CAVA OF TOLEDO.

 

A ROMANCE.

 

 

 

Lane, Darling, and Co. Leadenhall-Street.


 

 

 

 

 

 

CAVA OF TOLEDO;

 

or,

 

The Gothic Princess.

 

A ROMANCE.

 

 

IN FIVE VOLUMES

 

BY

 

AUGUSTA AMELIA STUART,

 

AUTHOR OF

 

LUDOVICO’S TALE; THE ENGLISH BROTHERS; EXILE

OF PORTUGAL, &c. &c.

 

Fierce wars, and faithful loves,

And truth severe, in fairy fiction drest.

 

Vol. II.

 

London:

 

PRINTED AT THE

Minerva Press,

 

FOR A. K. NEWMAN AND CO.

LEADENHALL-STREET.

 

1812.


 

CAVA DE TOLEDO.

 

CHAP. I.

 

A BRILLIANT sun had spread cheerfulness over the castle of Aleanzar, long before its fair inhabitants awoke from the peaceful slumbers of the night. Nature had fashioned them in her most perfect mould, and their souls were suited to the beauteous forms which enclosed them; but inexorable fate, whom neither the power of beauty, nor the qualities of the mind, can soften, was a niggard in the gift of happiness—both had their sorrows; both looked back on their past life with grief—on their future with little hope: at the present moment, they found consolation in each other’s society; each wished to unburthen her heart to a sympathizing friend; each timidly shrunk form acknowledging all that passed in that tender heart. In this disposition they sought each other, as soon as they were ready to leave their apartments.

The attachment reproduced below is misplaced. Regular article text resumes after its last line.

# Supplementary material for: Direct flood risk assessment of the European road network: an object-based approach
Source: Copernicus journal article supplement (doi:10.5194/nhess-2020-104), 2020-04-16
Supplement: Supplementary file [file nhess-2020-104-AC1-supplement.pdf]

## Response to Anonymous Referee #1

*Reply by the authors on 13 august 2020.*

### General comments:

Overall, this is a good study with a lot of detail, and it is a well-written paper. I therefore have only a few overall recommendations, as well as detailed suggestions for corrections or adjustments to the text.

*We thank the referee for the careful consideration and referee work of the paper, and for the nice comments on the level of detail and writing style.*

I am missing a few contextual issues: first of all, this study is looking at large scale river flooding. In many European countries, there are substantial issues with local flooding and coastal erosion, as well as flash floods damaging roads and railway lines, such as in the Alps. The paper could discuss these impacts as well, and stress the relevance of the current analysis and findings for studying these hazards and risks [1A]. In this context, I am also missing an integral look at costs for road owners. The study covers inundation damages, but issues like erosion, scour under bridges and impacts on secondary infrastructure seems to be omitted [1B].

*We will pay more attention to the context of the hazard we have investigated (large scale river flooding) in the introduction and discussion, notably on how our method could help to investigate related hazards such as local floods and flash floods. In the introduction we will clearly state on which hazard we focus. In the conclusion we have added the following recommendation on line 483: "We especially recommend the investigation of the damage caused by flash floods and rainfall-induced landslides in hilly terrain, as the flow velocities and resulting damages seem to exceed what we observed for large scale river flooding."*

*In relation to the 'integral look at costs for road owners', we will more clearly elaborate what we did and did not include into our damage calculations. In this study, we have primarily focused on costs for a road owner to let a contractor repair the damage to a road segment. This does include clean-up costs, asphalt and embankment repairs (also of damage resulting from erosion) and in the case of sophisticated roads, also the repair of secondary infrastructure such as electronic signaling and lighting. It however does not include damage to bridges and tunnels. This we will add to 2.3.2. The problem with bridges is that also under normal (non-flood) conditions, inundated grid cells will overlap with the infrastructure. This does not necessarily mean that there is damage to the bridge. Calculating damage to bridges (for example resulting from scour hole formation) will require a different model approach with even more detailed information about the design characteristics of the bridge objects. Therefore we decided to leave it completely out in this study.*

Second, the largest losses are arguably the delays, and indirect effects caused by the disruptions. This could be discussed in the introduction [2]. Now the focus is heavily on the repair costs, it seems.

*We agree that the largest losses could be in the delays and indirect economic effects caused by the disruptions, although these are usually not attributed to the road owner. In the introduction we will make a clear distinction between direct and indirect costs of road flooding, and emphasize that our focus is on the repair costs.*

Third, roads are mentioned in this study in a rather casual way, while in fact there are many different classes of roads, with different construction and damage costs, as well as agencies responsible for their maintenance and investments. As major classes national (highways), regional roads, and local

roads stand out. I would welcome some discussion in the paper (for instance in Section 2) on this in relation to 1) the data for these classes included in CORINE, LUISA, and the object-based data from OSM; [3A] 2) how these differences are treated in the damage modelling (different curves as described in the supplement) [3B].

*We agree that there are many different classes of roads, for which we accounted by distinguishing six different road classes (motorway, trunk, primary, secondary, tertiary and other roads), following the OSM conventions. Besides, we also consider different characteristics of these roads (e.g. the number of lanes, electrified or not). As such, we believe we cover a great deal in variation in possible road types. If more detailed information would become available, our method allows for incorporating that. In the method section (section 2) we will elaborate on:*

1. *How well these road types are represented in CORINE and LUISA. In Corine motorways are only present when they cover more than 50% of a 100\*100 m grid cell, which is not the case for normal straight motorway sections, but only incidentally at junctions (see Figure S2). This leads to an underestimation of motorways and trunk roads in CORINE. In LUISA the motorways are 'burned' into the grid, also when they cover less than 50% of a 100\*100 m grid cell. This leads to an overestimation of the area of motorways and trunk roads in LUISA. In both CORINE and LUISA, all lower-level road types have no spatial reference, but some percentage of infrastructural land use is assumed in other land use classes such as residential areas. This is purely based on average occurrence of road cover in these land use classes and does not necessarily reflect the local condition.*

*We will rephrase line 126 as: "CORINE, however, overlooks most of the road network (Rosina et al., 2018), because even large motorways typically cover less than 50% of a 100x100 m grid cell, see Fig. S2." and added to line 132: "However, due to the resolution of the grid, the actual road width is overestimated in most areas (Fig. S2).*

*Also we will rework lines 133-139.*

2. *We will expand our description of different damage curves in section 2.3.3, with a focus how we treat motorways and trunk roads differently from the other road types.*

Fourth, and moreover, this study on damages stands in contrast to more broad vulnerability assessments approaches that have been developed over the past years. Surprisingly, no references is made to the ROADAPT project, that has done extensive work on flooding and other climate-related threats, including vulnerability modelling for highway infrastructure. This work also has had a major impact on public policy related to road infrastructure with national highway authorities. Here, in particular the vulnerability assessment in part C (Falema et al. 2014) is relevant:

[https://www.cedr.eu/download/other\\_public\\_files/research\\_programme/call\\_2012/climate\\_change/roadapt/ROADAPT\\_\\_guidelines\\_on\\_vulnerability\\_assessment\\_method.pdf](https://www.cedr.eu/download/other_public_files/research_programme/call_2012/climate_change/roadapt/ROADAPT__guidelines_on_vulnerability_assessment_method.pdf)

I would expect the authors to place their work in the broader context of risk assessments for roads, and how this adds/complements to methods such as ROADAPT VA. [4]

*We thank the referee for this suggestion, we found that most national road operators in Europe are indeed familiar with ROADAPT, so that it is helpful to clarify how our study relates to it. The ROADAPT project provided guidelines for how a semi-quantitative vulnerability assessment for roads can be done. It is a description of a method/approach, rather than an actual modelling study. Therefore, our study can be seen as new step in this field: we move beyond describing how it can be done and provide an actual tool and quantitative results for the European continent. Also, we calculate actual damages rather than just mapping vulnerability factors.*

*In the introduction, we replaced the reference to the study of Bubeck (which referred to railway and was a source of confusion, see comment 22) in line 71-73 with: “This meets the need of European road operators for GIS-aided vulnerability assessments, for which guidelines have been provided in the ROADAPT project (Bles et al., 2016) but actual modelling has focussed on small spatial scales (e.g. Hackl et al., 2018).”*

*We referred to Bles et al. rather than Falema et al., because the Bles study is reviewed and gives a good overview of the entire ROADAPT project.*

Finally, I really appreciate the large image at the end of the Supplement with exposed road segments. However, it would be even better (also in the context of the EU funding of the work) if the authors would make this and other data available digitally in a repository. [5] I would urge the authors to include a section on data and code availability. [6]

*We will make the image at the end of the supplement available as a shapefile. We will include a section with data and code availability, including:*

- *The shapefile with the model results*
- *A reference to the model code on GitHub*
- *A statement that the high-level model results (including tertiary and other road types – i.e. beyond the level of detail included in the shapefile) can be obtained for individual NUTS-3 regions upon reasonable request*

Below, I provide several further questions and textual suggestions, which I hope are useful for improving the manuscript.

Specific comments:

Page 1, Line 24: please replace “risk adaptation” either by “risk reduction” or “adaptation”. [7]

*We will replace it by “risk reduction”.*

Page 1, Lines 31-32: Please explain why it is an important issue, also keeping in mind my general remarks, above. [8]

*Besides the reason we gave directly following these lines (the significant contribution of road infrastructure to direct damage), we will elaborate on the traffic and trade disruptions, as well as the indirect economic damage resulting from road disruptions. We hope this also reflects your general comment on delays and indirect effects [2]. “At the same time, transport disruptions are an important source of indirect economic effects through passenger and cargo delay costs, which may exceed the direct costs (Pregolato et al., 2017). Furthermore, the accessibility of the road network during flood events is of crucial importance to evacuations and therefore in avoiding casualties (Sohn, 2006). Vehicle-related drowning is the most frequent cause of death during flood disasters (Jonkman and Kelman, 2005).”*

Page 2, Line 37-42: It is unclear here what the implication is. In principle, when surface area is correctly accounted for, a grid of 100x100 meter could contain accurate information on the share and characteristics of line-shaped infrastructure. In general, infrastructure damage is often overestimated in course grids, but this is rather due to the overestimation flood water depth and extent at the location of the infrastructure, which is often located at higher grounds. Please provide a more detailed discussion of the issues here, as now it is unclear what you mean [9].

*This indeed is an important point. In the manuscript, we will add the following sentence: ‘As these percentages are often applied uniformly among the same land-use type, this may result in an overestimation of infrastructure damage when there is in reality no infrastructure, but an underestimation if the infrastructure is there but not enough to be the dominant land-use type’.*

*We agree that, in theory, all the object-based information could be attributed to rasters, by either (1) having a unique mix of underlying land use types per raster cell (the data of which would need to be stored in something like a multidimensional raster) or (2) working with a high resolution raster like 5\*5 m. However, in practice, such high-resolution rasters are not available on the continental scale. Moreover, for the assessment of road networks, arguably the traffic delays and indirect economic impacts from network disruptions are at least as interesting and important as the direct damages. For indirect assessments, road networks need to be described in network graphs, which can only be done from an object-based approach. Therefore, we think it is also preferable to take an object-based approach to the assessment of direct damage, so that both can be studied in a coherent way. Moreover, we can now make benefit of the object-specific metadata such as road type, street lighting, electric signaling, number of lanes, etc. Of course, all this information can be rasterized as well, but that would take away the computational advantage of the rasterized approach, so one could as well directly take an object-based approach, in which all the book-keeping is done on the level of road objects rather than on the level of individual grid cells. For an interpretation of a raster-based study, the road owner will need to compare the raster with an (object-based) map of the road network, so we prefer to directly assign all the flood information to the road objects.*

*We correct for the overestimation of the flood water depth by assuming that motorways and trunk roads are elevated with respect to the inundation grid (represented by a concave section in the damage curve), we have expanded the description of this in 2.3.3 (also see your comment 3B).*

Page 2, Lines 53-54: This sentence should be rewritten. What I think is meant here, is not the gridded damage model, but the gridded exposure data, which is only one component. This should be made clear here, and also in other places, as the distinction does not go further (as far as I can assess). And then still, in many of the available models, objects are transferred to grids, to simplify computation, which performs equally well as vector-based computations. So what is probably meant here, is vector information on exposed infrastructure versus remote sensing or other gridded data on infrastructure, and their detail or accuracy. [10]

Cava, on unclosing her eyes, thought of the words Zulima had the night before addressed to her, and expected her appearance in her chamber; but no Zulima came; a ready young slave prepared every thing necessary to her toilet, and attended her with respect and assiduity. She pondered on Zulima’s words, and her caution in making use of them.

            “Surely,” said she, mentally, “this woman cannot mean to deceive me; her countenance is benevolent, her manner soft and engaging; but is she not devoted to Aleanzar? Will she give me either her pity or assistance, if they militate against his wishes? at all events, I will act with prudence, and not mention what has passed to Zamora.”